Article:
CALIFORNIA DREAMIN': YAHOO SPORTS' Greg Wyshynski noted Ducks-Kings will be the "first outdoor NHL game that's not going to have fake snow all over the place" and said a "lot of people didn't like the whole L.A. asthetic." Wyshynski: "I love it. I feel like if you're going to have an outdoor game somewhere, you should theme it where the place you're holding it. It's going to be a very L.A. vibe and in some ways, a celebration of West Coast hockey, which is thriving" (, 1/23).'s Scott Burnside wrote, "Looking down on the Dodger Stadium field on Wednesday afternoon ... we were once again struck by the notion that 'outdoor game' is just the start in explaining these events." As "picture-perfect" as the '14 Winter Classic was, there is something "equally inspiring about this sheet of ice and the space it shares with the Dodgers’ famed interlocking 'L' and 'A,' a sand volleyball court and roller-hockey rink." Burnside asked, "What made the Winter Classic games at Wrigley Field and Fenway Park so special?" It was "the marriage of iconic locations with a different game" (, 1/22).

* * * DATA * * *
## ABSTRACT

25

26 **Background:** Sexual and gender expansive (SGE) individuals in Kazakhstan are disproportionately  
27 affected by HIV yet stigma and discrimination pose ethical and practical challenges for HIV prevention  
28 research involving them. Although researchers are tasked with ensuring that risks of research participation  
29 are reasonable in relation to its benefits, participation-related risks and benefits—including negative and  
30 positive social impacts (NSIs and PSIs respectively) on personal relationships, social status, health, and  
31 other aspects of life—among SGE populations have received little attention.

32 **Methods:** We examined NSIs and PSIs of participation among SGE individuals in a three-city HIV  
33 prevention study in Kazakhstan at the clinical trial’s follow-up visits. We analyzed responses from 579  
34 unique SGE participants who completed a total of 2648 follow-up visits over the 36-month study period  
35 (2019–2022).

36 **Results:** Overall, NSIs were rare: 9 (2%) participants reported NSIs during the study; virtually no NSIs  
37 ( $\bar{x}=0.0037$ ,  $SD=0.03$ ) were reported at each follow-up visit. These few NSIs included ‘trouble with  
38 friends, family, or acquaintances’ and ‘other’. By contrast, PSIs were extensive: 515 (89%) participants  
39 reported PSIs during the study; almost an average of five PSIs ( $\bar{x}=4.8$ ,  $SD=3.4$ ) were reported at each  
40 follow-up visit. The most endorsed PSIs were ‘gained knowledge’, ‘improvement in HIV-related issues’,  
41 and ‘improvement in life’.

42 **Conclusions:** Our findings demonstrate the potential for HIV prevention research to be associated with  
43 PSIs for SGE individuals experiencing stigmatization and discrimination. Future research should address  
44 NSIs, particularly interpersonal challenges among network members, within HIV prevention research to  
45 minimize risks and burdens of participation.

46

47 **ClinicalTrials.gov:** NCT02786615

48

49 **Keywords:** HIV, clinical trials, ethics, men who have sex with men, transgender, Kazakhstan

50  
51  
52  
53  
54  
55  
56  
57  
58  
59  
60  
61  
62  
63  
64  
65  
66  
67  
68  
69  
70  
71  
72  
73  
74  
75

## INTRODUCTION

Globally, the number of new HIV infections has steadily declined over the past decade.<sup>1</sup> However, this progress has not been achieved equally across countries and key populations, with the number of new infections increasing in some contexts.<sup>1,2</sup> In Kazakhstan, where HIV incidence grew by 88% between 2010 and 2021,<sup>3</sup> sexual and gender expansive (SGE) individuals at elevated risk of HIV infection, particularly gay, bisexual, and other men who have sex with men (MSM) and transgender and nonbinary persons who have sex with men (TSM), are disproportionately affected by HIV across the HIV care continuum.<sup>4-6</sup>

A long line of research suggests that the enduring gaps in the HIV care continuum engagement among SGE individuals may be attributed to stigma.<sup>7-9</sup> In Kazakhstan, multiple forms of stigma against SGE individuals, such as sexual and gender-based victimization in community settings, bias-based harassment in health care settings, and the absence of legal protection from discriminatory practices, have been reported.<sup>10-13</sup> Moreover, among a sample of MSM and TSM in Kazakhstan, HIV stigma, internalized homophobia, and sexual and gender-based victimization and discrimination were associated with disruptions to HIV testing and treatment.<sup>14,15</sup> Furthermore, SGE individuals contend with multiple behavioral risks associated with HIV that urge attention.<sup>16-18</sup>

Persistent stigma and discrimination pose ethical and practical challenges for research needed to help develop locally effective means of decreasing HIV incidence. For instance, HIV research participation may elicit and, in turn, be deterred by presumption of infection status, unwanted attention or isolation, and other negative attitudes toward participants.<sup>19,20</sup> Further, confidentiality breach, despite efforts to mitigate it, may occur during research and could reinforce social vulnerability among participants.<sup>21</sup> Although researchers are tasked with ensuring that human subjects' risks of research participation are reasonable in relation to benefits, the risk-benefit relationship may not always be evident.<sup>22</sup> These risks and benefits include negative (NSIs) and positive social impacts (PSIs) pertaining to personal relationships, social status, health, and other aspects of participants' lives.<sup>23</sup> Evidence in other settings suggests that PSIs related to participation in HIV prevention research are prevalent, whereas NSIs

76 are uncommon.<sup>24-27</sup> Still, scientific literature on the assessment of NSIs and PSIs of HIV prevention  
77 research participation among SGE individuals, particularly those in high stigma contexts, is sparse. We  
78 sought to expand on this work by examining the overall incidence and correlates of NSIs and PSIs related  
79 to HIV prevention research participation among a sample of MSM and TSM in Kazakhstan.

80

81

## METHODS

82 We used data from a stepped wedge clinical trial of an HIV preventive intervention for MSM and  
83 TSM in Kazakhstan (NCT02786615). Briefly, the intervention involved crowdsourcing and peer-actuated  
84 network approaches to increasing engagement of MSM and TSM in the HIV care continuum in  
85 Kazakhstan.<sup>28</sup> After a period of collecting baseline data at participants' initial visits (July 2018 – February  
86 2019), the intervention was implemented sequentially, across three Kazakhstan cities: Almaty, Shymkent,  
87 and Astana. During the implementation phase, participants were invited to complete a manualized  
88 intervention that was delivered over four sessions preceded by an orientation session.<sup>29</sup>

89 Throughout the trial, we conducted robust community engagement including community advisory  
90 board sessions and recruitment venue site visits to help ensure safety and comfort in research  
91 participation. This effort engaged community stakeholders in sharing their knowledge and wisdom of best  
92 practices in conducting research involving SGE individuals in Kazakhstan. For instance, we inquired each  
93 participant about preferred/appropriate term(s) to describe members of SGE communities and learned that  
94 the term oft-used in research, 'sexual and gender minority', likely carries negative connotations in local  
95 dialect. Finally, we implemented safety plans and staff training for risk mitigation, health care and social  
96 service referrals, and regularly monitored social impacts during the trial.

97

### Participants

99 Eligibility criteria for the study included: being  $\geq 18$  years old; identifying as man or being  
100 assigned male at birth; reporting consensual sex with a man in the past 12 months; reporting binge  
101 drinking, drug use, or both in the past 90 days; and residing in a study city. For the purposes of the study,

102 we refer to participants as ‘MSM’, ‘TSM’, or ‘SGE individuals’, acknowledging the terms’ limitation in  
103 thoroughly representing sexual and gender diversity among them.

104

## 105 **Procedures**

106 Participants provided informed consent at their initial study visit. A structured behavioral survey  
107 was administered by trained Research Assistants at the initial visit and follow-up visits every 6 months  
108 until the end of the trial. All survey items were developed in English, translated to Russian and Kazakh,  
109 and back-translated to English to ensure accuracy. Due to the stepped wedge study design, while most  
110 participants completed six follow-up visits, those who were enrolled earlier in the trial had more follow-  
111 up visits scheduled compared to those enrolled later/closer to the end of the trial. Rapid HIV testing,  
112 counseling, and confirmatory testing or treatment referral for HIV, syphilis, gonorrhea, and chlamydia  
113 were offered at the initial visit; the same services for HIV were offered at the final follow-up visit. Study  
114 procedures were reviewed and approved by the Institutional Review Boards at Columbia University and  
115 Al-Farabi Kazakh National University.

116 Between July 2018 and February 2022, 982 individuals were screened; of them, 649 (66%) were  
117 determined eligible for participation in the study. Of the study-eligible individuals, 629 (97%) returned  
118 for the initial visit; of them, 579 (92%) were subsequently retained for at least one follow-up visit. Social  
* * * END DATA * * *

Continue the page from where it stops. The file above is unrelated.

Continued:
: Craig admitted that making the Dodger Stadium ice has "been a challenge, especially after the success" at Michigan Stadium for the Maple Leafs-Red Wings game on Jan. 1. He said, "The toughest part of this [is] Ann Arbor. I would say that was the best sheet of ice we have produced on an outdoor game anywhere and now, all of a sudden two weeks later, I’ve got to come here. So the bar is set pretty high for me" (, 1/22). CBS' Carter Evans said "no one is feeling the heat" in L.A. as much as Craig. With temperatures predicted to be in the low-to-mid 70s, Craig said that "if the NHL had [known] it was going to be as warm as it was, 'we wouldn't have said 80 degrees' and held the game there." But Craig said that "there has 'never' been a point where the NHL thought it would have to cancel the game." Craig: "Not a chance" ("Evening News," CBS, 1/22). The GLOBE & MAIL's Eric Duhatschek notes there was "no provision to play an NHL alumni game this week, in part because the league wants to preserve the ice for the big game -- although the Kings and Ducks are scheduled to practice back-to-back on Friday, just before sunset" (GLOBE & MAIL, 1/24).